6 Make or Break Résumé Metrics Every Management Professional Should Cite

Studio shot of a fish in bowlI field 2-4 new business calls a day, mostly from mid-career to senior-level professionals and executives looking to quietly see what their future might hold if they nose around a bit.They’re heads of industry — movers and shakers — looking to move up, down, laterally. They’re looking to find meaning and they’re not sure how.

Related post: Why It’s Smart to Take Recruiter Calls

In nearly every instance, they express embarrassment about their out-of-date résumés. Understandable, since they’ve been busy doing the work, not nursing a résumé.

Almost to a head, they overlook six fundamentals by which they’ll be sought and measured in a job search:

1. Company size. A CEO building a startup is often cut from vastly different cloth than a CEO leading a $150B public company. By merely placing the size of companies on your résumé you quickly tell a huge part of your story.

Caveat: Don’t place company / revenue size if the data isn’t publicly known.

2. Team size. A CTO managing a team of three has a busy job, no doubt. But managing a matrixed team of 450+ engineers, developers, creatives, product managers, and marketers across five global locations is another ballgame entirely.

Tip: Showing team sizes as “up to 20” or “ranging X-Y” can help you strategically position yourself.

3. Geographic scope. A CFO managing a team and its productivity from a New York City loft is tough work, but a CFO navigating the risks and implications of international law and culture on three continents runs an entirely different ship.

Related post: Don’t hide your international experience.

4. Quantifiable outcomes. A CMO who demonstrates measured success, whether by real numbers or percentages, will sail ahead of the competition every time. Whether it’s gains in market share, revenue, clicks, eyeballs, or productivity—or cuts in overhead, time, resources, or some other measurement of success—most candidates have great metrics that they should include, but never do.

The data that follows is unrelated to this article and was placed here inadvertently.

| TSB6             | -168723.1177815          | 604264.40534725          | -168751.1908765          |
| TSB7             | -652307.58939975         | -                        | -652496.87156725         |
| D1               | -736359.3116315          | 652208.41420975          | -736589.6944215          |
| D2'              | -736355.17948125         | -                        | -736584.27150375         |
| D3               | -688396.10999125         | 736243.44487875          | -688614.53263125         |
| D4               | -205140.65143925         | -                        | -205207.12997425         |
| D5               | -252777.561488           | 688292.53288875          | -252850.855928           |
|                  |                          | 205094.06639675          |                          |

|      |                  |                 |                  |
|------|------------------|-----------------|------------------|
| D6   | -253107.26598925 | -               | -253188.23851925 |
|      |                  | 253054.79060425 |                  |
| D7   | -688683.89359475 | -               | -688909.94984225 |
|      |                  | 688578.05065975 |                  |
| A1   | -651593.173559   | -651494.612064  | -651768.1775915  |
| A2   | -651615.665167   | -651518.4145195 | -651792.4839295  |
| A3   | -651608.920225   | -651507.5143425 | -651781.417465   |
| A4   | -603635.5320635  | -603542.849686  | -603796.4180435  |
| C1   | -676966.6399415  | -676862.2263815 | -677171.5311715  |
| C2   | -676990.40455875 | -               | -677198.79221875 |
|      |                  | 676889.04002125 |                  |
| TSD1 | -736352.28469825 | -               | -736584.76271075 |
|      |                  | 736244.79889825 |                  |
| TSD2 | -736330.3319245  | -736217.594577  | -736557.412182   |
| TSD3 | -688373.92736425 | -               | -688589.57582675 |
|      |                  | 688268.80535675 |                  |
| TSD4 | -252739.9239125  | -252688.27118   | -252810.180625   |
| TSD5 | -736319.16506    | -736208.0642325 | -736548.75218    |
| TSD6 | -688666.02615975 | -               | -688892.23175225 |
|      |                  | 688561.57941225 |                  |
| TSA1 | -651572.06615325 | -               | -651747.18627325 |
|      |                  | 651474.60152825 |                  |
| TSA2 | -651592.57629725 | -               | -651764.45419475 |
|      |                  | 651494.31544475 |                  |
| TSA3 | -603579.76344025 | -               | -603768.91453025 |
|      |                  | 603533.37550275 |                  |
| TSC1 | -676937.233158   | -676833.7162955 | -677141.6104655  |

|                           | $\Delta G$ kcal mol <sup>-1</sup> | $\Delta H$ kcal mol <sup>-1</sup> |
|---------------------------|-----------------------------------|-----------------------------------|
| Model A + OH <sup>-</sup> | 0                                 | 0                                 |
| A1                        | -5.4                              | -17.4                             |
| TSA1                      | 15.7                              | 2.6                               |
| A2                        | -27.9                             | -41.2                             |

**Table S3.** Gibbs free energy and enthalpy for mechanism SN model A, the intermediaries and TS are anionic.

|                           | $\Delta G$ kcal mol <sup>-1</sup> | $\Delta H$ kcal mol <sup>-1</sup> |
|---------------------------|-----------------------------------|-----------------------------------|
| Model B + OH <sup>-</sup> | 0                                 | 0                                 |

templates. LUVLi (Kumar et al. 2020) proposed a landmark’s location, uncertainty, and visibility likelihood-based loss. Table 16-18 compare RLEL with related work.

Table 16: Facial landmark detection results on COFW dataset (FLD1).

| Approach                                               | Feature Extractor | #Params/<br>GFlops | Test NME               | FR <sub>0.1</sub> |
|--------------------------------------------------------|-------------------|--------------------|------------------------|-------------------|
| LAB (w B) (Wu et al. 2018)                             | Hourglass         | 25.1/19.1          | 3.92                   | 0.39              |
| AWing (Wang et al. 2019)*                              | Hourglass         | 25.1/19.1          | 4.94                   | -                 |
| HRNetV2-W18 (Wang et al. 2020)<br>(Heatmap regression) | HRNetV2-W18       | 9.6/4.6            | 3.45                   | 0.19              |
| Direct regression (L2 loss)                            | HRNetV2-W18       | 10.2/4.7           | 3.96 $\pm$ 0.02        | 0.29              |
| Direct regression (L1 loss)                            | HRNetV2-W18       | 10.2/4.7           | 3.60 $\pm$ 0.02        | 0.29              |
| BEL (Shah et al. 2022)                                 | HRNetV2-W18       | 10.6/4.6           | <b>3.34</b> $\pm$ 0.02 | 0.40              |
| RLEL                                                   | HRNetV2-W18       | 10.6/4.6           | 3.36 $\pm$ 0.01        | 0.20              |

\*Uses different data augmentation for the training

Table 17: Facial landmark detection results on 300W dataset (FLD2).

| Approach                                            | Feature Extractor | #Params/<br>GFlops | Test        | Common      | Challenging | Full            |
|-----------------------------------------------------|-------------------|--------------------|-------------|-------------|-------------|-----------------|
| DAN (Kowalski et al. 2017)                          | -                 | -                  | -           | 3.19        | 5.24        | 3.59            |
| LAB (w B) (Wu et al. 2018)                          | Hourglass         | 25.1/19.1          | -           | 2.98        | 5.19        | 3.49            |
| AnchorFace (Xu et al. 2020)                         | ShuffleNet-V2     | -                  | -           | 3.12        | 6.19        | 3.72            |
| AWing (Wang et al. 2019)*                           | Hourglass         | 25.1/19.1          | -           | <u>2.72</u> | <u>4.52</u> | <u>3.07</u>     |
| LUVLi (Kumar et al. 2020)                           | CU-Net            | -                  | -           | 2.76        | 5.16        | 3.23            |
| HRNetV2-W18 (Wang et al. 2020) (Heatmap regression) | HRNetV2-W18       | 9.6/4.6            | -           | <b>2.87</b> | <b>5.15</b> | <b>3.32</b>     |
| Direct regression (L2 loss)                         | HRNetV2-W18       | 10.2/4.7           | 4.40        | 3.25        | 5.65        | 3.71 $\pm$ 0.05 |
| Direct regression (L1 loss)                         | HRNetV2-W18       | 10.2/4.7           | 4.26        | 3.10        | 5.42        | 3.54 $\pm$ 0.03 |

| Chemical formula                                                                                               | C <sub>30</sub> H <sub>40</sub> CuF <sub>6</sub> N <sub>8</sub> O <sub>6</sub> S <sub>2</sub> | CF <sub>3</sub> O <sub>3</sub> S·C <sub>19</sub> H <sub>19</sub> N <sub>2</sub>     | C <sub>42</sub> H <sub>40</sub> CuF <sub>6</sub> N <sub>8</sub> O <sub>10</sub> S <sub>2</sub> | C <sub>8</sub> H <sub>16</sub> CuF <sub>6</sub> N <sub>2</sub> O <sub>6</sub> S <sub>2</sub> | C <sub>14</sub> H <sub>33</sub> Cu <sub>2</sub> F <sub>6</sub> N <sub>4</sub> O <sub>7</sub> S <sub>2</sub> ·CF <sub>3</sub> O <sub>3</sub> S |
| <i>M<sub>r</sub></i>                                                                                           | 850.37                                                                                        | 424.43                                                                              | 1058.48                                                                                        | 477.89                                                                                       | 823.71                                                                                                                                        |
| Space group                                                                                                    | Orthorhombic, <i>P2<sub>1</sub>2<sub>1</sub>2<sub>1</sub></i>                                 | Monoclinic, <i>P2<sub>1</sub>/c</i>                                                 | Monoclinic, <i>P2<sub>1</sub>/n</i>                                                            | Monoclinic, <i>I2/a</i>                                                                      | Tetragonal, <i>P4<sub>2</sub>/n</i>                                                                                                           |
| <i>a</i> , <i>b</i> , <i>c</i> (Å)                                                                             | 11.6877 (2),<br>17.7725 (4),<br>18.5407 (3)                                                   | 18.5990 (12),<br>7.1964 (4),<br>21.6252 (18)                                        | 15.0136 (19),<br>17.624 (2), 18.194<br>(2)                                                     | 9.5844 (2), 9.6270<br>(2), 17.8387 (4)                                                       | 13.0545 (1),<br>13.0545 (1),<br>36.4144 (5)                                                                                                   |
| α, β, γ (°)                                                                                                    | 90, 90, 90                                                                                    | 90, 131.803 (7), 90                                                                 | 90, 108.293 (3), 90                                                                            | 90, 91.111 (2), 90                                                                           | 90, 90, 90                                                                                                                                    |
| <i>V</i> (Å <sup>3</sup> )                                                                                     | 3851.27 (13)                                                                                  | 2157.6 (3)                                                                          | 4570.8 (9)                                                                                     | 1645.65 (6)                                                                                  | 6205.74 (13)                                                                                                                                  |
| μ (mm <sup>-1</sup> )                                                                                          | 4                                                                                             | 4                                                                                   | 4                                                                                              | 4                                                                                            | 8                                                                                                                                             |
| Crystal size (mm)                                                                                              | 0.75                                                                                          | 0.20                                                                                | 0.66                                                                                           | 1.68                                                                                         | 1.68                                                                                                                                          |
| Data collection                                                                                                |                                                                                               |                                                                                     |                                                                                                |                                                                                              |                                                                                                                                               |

Warning: Never list proprietary information on your résumé. Additionally, be careful not to reveal publicly unflattering or potentially competitive metrics on your LinkedIn profile. LinkedIn is not a cut-and-paste from your résumé job.

5. Reporting relationships. It’s often hard to tell whether an organization is flat, matrixed, or somewhere in between. Listing reporting relationships on your résumé adds a layer of context for a seasoned hiring decision maker.

Aside: In cases where reporting relationships confuse or don’t boost the overall picture, leave them off. Just know that you may be asked.

6. Industry-specific metrics: Part of a CNO’s aptitude centers around the number of facilities s/he manages, and the number of beds at each location. Part of a CIOs matrix of aptitude revolves around market cap and portfolio size. Be sure to include the differentiating metrics that tie specifically to your industry.

Tip: If you’re changing industries, write your first résumé draft with industry information intact. It’ll be easier to write. When you’re done, scrub it of most industry-specific language, and write transferable skills in the language of your inbound industry. (As long as it’s not entirely opposing: development means very different things in varying industries, for examples. Do this task carefully.)

Until next time!

Jared Redick

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